This new creation is not meant to exclude anyone. It is also not meant to be external to us. In Genesis 2, humans were active assistants with God in creation, made servants of the earth, to tend a till the new creation in the garden. Likewise, in Isaiah 65, what if we understood that his new creation is taking place right here, right now, within us? What if we took seriously God’s call to renewal and rededication to a new way of living together as God’s holy people?

And what does this have to do with our anxiety today, with all the stresses and strains of our life? Perhaps God is calling us to open our spirits and minds to release the fear that we have fallen into, and allow that new creation to take root within our own stony hearts. That’s the first place this new creation can start. And that is exactly the message that we, as Christians, believe came into the world through Jesus Christ. Jesus quoted the prophet Isaiah more than any other prophetic work from scripture, such as in Luke 4, when Jesus quotes Isaiah 61:1-2 in the synagogue: “The spirit of the Lord God is upon me, because the Lord has anointed me; he has sent me to bring good news to the oppressed, to bind up the broken-hearted, to proclaim liberty to the captives, and release to the prisoners; to proclaim the year of the Lord’s favor….” We can rejoice in this proclamation of Christ’s ministry, and use it to remind ourselves of this renewal within our own lives, even in times of anxiety on days like these. Christ’s ministry is our own as Christians, as hopeful, joyous members of the Jesus Movement.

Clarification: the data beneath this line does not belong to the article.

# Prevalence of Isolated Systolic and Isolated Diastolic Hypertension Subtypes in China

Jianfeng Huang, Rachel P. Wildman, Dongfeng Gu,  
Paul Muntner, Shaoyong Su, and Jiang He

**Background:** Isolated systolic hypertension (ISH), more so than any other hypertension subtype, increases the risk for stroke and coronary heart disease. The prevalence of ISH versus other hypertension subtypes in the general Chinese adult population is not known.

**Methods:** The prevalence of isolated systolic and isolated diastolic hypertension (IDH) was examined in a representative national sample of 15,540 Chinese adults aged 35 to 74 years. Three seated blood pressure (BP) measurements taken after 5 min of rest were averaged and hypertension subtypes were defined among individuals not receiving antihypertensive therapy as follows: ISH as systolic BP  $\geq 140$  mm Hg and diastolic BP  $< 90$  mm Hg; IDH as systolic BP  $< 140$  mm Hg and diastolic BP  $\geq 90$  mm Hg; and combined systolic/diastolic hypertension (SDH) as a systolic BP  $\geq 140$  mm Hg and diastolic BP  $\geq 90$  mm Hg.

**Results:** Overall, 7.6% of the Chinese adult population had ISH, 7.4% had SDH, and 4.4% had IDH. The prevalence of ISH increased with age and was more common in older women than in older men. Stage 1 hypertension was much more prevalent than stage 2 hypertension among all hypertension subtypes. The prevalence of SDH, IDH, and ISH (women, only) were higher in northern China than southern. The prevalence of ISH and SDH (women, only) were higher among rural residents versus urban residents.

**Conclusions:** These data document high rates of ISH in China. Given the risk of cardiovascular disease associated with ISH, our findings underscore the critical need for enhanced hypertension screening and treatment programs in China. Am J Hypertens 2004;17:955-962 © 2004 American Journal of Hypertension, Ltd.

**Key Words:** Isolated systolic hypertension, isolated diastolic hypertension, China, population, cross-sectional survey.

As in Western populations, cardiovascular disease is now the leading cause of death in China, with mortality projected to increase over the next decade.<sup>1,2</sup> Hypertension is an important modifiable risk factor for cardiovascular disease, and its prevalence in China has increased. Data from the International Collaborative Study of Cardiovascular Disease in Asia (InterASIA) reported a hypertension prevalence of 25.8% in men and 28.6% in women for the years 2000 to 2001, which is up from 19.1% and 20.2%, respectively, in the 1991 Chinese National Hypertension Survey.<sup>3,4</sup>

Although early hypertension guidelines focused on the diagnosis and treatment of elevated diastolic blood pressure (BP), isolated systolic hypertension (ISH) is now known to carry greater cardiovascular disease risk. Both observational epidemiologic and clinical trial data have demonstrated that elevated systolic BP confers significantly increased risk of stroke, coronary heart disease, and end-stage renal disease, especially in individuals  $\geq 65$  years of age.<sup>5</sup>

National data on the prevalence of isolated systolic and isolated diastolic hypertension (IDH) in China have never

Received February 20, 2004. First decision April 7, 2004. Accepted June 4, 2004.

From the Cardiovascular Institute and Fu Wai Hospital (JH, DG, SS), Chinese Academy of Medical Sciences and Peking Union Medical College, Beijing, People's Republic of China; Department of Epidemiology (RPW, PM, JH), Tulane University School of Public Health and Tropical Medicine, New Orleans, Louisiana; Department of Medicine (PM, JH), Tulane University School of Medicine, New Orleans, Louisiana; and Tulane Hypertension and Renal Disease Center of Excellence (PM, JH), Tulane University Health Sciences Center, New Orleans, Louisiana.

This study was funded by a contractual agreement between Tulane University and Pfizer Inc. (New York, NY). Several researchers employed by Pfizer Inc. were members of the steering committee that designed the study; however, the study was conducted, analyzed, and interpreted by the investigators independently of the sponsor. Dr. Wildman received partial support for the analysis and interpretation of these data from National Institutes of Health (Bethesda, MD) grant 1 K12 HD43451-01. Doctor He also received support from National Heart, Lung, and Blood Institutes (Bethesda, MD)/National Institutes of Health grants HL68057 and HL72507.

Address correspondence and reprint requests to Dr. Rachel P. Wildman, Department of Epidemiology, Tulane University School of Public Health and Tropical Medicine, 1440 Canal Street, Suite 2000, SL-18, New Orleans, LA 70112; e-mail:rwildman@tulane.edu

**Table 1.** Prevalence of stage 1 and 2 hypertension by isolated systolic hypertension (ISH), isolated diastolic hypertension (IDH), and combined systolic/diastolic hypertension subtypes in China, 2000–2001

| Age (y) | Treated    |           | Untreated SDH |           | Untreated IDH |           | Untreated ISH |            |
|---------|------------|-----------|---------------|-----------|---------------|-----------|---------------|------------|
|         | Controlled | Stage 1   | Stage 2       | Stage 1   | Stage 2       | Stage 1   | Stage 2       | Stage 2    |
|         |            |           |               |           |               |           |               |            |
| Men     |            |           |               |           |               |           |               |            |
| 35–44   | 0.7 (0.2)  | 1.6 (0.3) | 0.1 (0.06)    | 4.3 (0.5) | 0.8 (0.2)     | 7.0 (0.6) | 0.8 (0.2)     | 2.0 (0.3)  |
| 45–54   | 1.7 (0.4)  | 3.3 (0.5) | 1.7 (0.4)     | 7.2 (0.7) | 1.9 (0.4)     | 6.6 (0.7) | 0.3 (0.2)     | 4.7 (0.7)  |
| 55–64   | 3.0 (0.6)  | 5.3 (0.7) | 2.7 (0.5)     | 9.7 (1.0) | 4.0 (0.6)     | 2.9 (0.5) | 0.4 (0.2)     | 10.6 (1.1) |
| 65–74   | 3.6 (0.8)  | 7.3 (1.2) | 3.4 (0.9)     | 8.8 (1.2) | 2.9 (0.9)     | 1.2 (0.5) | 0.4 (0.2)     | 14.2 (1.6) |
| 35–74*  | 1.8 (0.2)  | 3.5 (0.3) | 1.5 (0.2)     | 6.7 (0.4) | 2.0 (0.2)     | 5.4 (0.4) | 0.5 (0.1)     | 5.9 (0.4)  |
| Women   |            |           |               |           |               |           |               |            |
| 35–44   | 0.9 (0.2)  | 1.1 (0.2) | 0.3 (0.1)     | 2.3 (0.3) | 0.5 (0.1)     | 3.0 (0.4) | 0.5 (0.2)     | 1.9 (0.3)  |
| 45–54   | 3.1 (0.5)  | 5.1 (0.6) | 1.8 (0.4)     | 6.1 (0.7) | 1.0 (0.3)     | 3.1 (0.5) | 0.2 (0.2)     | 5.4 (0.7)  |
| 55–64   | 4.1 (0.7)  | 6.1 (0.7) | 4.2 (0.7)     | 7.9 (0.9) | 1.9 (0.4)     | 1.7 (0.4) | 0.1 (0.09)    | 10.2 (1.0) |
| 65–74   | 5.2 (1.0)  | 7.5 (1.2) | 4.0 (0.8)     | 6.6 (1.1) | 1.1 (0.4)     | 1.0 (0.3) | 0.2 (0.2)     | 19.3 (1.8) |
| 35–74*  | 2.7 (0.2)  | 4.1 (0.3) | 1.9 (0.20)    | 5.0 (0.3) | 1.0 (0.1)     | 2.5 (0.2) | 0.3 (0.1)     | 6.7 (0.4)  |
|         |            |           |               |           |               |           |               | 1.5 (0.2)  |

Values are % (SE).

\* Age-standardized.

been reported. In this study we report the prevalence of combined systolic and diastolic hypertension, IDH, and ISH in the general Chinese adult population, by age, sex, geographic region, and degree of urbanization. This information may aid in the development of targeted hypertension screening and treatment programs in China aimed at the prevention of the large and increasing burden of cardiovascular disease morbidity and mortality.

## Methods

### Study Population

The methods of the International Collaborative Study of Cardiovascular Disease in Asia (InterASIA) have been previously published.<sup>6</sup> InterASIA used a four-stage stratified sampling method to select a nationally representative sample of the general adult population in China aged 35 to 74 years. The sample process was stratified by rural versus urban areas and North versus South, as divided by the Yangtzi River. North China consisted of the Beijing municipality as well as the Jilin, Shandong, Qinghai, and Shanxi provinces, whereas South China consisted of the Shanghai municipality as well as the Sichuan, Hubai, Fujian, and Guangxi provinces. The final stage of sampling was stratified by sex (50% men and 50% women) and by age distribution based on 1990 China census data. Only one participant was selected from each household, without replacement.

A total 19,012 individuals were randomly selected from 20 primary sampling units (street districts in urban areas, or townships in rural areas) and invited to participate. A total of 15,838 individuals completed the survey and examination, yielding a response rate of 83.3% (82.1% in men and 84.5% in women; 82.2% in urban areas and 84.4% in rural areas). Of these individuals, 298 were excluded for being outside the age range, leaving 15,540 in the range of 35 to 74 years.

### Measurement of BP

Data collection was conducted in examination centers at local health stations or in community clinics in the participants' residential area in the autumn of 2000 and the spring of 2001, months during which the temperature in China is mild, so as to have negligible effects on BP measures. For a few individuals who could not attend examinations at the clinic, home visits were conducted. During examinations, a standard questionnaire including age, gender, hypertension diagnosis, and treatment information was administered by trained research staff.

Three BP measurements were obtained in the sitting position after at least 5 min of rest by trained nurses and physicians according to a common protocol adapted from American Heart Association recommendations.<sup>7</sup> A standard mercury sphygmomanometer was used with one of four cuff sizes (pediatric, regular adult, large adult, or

This song from Isaiah 65 points the way to what that can be like. Three major shifts will take place: God will take joy in this new work; justice, contentment, and peace will take the place of weeping, vulnerability, and injustice; and relationships and the order of nature will be transformed so that none must suffer or be deprived so that another may prosper. What if we looked at this three moves in Isaiah 65 as God’s call to us, to allow ourselves to be transformed and be partners and fellow-workers in the fields of renewal and justice that scripture describes, again and again?

If we all understood that we are members of one community—the kingdom of God, yes, but more importantly, the kindom of God—we might not just be satisfied with a human calculus that divides our fellow human beings and children of God into circles of ”them” and “us”—which is unfortunately another way to say “losers” and “winners.” As our canticle on Sunday from Isaiah 12 reminds us, since God is our salvation, we WILL “trust and not be afraid.” When we place our trust in the eternal hope that is revealed to us in Christ, we WILL draw water with rejoicing from the springs of salvation.” That’s the most important choice facing us today, and every day.

God is eternal. Love is eternal. How can we not have hope if we act in light of this knowledge and come together as kin within the embrace of the Almighty?


Leslie Scoopmire is a retired teacher and postulant for the priesthood in the Diocese of Missouri. She attends Eden Theological Seminary in Webster Groves, MO. She is seminarian-intern at Church of the Good Shepherd , Town and Country, Missouri, in the Diocese of Missouri, and tweets daily prayers and news of note @Scoopexplainsit. Her blog is Abiding in Hope.



Image: photo by Leslie Scoopmire